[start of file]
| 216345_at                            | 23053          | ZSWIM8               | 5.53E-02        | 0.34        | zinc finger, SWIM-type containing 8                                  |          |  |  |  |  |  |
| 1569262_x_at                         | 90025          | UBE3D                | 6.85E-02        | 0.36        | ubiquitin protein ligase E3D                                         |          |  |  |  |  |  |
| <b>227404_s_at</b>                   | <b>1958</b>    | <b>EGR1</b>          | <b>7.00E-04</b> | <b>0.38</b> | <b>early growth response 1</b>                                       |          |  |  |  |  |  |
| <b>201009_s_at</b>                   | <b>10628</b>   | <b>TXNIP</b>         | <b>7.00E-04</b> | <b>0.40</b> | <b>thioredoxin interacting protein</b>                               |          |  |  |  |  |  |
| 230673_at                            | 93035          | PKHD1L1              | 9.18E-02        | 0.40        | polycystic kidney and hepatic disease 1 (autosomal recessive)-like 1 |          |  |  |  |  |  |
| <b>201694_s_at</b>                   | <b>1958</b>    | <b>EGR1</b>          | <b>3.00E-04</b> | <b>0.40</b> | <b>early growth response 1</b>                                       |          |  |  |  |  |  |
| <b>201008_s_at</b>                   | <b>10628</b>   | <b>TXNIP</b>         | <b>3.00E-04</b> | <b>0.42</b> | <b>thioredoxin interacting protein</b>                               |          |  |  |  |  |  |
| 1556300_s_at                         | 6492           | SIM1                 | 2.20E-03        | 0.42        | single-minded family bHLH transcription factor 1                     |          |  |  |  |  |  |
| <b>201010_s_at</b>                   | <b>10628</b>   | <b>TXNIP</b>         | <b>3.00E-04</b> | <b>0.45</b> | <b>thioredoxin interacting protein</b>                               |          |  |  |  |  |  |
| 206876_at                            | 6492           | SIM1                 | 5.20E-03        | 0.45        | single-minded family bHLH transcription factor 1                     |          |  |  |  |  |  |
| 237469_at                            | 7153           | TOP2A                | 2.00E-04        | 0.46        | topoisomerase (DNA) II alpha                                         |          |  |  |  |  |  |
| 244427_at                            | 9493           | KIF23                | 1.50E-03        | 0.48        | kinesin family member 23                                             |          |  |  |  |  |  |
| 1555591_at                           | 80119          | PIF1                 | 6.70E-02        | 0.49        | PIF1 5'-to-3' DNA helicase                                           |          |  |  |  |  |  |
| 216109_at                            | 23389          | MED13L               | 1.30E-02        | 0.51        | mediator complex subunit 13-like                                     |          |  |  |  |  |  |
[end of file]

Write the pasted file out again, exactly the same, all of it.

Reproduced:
| 216345_at                            | 23053          | ZSWIM8               | 5.53E-02        | 0.34        | zinc finger, SWIM-type containing 8                                  |          |  |  |  |  |  |
| 1569262_x_at                         | 90025          | UBE3D                | 6.85E-02        | 0.36        | ubiquitin protein ligase E3D                                         |          |  |  |  |  |  |
| <b>227404_s_at</b>                   | <b>1958</b>    | <b>EGR1</b>          | <b>7.00E-04</b> | <b>0.38</b> | <b>early growth response 1</b>                                       |          |  |  |  |  |  |
| <b>201009_s_at</b>                   | <b>10628</b>   | <b>TXNIP</b>         | <b>7.00E-04</b> | <b>0.40</b> | <b>thioredoxin interacting protein</b>                               |          |  |  |  |  |  |
| 230673_at                            | 93035          | PKHD1L1              | 9.18E-02        | 0.40        | polycystic kidney and hepatic disease 1 (autosomal recessive)-like 1 |          |  |  |  |  |  |
| <b>201694_s_at</b>                   | <b>1958</b>    | <b>EGR1</b>          | <b>3.00E-04</b> | <b>0.40</b> | <b>early growth response 1</b>                                       |          |  |  |  |  |  |
| <b>201008_s_at</b>                   | <b>10628</b>   | <b>TXNIP</b>         | <b>3.00E-04</b> | <b>0.42</b> | <b>thioredoxin interacting protein</b>                               |          |  |  |  |  |  |
| 1556300_s_at                         | 6492           | SIM1                 | 2.20E-03        | 0.42        | single-minded family bHLH transcription factor 1                     |          |  |  |  |  |  |
| <b>201010_s_at</b>                   | <b>10628</b>   | <b>TXNIP</b>         | <b>3.00E-04</b> | <b>0.45</b> | <b>thioredoxin interacting protein</b>                               |          |  |  |  |  |  |
| 206876_at                            | 6492           | SIM1                 | 5.20E-03        | 0.45        | single-minded family bHLH transcription factor 1                     |          |  |  |  |  |  |
| 237469_at                            | 7153           | TOP2A                | 2.00E-04        | 0.46        | topoisomerase (DNA) II alpha                                         |          |  |  |  |  |  |
| 244427_at                            | 9493           | KIF23                | 1.50E-03        | 0.48        | kinesin family member 23                                             |          |  |  |  |  |  |
| 1555591_at                           | 80119          | PIF1                 | 6.70E-02        | 0.49        | PIF1 5'-to-3' DNA helicase                                           |          |  |  |  |  |  |
| 216109_at                            | 23389          | MED13L               | 1.30E-02        | 0.51        | mediator complex subunit 13-like                                     |          |  |  |  |  |  |